If you would ask me what app do you use the most on your computer, then I’d quickly name a web browser. For many people, Google Chrome and Firefox are the first choices for web browsers. But, of course, there are many alternatives in the market that offer some compelling features to the users.
Brave is one such browser trying to make its name by sailing on the privacy boat. It comes loaded with robust features that help users reduce the tracking that happens all over the internet.
In fact, it’s primary pitch is the very fact that people are being tracked, surveilled, and analyzed all the time in the name of the advertisement. You don’t want to be watched all the time. Do you? But that’s the reality we need to accept if we want stuff for free.
Brave Browser 1.0
Brave started out back in 2015 and the open-source browser is now available for all major platforms including Windows 10, macOS, Android, iOS, etc.
The makers of the browser have just hit a major milestone with the release of Brave 1.0 for the masses. Just like Torch and Opera, Brave is also based on Chromium but the browser tries to shed the Google part as much as it can.
Here, you should note that the actual builds will still continue the same version numbers. For instance, the latest one right now is 0.71 which is being called Brave 1.0.
Anyway, there are many Chromium-based browsers. For instance, Microsoft’s Edge now also has the same soul as Brave. So, the initial experience you get with these browsers isn’t much different. Brave also feels like a Google Chrome with a different skin.
However, there are changes and they are real. Some of the features offered by Brave make it a lot more than a web browser. You can access the Tor network, run torrent files, manage crypto wallets, all without ever leaving the Brave browser.
On top of that, Brave leverages Chromium’s features as well. Like, you can create multiple profiles, get Chromecast support, and install Chrome extensions without much hassle.
But still, in order to withstand the tough competition, a browser needs to offer something unique. And that’s what the makers of Brave have been up to for the last couple of years. They are trying to fix the internet’s most annoying yet important part – advertisements.
A browser that pays you!
Brave comes with a built-in ad-blocker called Brave Shield which blocks every possible ad that comes in its way, thereby, speeding up website load times. But those ads are the bread and butter for many websites, including ours. For that, they have come up with a decentralized payout initiative.
Brave Rewards is a program that lets users earn some money on the side for viewing acceptable ads that the browser throws at them. The idea is to create a win-win situation, where users can visit websites for free and the content creators don’t bear the losses as well when their ads get blocked.
The amount you earn in the form of BAT (Basic Attention Token) can be donated to websites and creators on YouTube, Twitter, and Twitch whose ads you end up blocking. It is called a Tip and it’s viewed as a thank you note when you find their content really good.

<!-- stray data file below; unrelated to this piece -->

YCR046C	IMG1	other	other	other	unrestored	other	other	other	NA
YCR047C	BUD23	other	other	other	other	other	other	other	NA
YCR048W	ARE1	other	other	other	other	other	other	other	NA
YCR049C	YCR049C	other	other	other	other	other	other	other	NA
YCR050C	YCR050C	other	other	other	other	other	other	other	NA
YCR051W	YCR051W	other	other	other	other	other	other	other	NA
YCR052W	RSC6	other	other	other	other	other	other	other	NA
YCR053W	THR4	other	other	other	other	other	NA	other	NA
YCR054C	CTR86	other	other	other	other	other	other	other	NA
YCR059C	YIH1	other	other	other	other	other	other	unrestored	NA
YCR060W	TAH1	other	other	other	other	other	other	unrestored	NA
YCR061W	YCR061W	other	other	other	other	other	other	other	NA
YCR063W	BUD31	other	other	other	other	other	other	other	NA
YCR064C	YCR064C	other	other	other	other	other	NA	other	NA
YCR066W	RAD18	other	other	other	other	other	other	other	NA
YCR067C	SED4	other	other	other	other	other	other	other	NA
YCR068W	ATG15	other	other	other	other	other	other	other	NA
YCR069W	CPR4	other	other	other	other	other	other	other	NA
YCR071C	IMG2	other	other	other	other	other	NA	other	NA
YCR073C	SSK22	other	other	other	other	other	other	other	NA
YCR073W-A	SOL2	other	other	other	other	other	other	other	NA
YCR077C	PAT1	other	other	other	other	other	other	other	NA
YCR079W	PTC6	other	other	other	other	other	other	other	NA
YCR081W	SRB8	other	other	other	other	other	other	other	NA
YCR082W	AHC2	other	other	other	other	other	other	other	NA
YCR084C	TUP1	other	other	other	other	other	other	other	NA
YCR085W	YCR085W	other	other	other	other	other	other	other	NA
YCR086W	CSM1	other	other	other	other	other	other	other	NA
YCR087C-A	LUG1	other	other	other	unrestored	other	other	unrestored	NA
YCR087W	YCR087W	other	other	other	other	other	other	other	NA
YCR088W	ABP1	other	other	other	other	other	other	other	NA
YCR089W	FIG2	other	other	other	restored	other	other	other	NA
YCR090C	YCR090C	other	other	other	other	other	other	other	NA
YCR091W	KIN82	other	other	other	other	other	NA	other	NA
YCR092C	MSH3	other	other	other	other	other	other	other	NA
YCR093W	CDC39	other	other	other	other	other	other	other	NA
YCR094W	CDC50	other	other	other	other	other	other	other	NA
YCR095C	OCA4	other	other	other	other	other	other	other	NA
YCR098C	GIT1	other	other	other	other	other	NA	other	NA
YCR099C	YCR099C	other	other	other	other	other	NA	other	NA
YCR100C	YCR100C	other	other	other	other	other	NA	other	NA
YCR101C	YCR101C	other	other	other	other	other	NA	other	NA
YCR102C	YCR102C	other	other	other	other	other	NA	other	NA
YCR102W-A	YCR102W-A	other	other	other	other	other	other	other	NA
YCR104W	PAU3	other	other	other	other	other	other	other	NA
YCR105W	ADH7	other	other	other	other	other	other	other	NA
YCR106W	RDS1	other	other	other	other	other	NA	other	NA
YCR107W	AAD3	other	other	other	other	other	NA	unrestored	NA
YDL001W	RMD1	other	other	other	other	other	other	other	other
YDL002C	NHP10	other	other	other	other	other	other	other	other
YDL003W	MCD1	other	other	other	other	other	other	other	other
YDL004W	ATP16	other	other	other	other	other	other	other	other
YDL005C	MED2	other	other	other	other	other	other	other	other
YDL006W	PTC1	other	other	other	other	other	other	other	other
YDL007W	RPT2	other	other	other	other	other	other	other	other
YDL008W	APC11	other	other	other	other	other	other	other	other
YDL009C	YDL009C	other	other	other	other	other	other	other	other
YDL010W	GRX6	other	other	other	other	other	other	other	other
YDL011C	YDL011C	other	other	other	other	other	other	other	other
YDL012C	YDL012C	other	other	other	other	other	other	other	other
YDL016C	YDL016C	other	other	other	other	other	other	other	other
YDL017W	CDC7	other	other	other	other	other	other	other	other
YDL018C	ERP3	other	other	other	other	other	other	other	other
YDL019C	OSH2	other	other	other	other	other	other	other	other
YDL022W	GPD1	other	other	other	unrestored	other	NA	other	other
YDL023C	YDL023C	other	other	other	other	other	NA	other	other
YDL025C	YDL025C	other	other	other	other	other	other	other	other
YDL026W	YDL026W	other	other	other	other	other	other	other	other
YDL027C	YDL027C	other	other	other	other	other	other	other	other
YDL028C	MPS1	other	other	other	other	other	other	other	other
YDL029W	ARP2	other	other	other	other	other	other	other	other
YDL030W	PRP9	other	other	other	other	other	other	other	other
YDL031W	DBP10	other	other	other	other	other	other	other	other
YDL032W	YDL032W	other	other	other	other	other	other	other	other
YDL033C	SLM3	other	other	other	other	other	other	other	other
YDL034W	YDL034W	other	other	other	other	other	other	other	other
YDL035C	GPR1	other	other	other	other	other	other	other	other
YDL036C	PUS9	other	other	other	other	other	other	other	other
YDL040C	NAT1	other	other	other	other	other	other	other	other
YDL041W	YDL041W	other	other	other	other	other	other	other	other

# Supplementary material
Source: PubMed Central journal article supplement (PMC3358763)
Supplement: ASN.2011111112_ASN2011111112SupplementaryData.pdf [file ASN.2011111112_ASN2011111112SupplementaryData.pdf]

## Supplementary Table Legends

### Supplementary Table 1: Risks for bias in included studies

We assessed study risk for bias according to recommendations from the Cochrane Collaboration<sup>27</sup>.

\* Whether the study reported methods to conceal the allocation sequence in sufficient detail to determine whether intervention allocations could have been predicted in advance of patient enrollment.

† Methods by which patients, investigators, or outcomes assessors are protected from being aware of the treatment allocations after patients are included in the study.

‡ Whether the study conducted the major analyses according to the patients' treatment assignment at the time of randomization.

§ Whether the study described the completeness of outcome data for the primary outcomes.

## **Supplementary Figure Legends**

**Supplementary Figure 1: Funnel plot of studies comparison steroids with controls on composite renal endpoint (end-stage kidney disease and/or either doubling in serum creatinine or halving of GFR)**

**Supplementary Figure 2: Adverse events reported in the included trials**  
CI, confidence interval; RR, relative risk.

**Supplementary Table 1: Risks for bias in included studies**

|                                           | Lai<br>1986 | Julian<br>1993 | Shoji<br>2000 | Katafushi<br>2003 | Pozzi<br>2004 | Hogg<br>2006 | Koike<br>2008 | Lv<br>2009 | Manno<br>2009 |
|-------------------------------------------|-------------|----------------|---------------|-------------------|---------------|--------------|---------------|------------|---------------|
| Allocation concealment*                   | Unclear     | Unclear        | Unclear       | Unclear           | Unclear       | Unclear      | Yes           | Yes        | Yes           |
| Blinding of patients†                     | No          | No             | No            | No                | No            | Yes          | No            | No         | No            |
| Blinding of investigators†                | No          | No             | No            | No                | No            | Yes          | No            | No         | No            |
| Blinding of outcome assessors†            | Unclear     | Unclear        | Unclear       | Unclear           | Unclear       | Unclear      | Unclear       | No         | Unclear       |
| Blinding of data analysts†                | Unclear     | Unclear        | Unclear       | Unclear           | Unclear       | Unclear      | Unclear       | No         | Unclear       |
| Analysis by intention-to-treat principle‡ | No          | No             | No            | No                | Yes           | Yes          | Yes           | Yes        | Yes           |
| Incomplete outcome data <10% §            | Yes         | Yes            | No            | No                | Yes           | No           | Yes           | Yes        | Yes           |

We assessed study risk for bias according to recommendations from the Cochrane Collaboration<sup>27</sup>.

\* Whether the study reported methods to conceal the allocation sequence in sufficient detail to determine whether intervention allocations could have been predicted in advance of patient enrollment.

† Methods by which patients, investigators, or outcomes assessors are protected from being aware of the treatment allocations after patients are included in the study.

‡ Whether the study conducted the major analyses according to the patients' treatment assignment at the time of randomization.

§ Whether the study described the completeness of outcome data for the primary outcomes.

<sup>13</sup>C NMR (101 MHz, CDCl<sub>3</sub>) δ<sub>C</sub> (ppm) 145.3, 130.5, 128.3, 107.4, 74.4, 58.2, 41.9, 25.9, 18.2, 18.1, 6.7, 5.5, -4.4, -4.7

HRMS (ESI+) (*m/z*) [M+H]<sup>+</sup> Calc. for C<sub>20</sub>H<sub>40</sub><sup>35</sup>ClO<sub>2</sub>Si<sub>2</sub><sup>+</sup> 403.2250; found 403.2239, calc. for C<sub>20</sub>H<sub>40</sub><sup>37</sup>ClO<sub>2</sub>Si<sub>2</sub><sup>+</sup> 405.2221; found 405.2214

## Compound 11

It’s estimated that typical users of Brave Rewards could end up earning close to $5 per month (20 BAT). The amount doesn’t seem much but if you add it for a year, it can easily make your broadband connection free for a couple of months. Payouts for the BATs you collect are issued on a monthly basis.
The development team has been testing Brave Rewards for almost a year. Now with Brave 1.0, the loyalty program has received a full-fledged rollout.
Brave 1.0: What else?
In addition to all of this, Brave also comes with support for IPFS (Interplanetary File System) companion extension. It’s a new way of storing content on the web that combines the likes of Git (acts like a versioned file system keeping files and versions over time), and BitTorrent (files are stored across a decentralized distributed network).
This way, one doesn’t need to rely on a central server in order to fetch data, as it happens with HTTP. With IPFS, the track of data is kept using the cryptographic hash of its file. It lets the user fetch data from the closest source possible.
During regular usage, there weren’t any noticeable lags and freezes. Stability is one thing you’d find improved in almost all popular browsers nowadays.
Bumping up the difficulty level, I opened around 100 new tab pages to see what happens. I noticed a slight delay in loading content when switching between tabs, but no noticeable degradation was present in websites load times.
Speaking of the numbers, benchmarks reveal that Brave is surely giving tough competition to biggies including Chrome, Firefox, Safari, and Opera.
Tested using Lenovo IdeaPad 110 (Windows 10, Core i3, 8GB RAM), 2015 Mac (MacOS 10.14.4, Core i5, 16GB RAM)
Note: These numbers are provided by Brave. I’ll try to update this article with my own results in the coming future.
Now, its time for the main question: should you switch to Brave Browser?
The only thing missing in this web browser is the Google account sync. So if you can live without it, then Brave browser can turn out to be a great option. Also, don’t forget that this browser also gives you real money.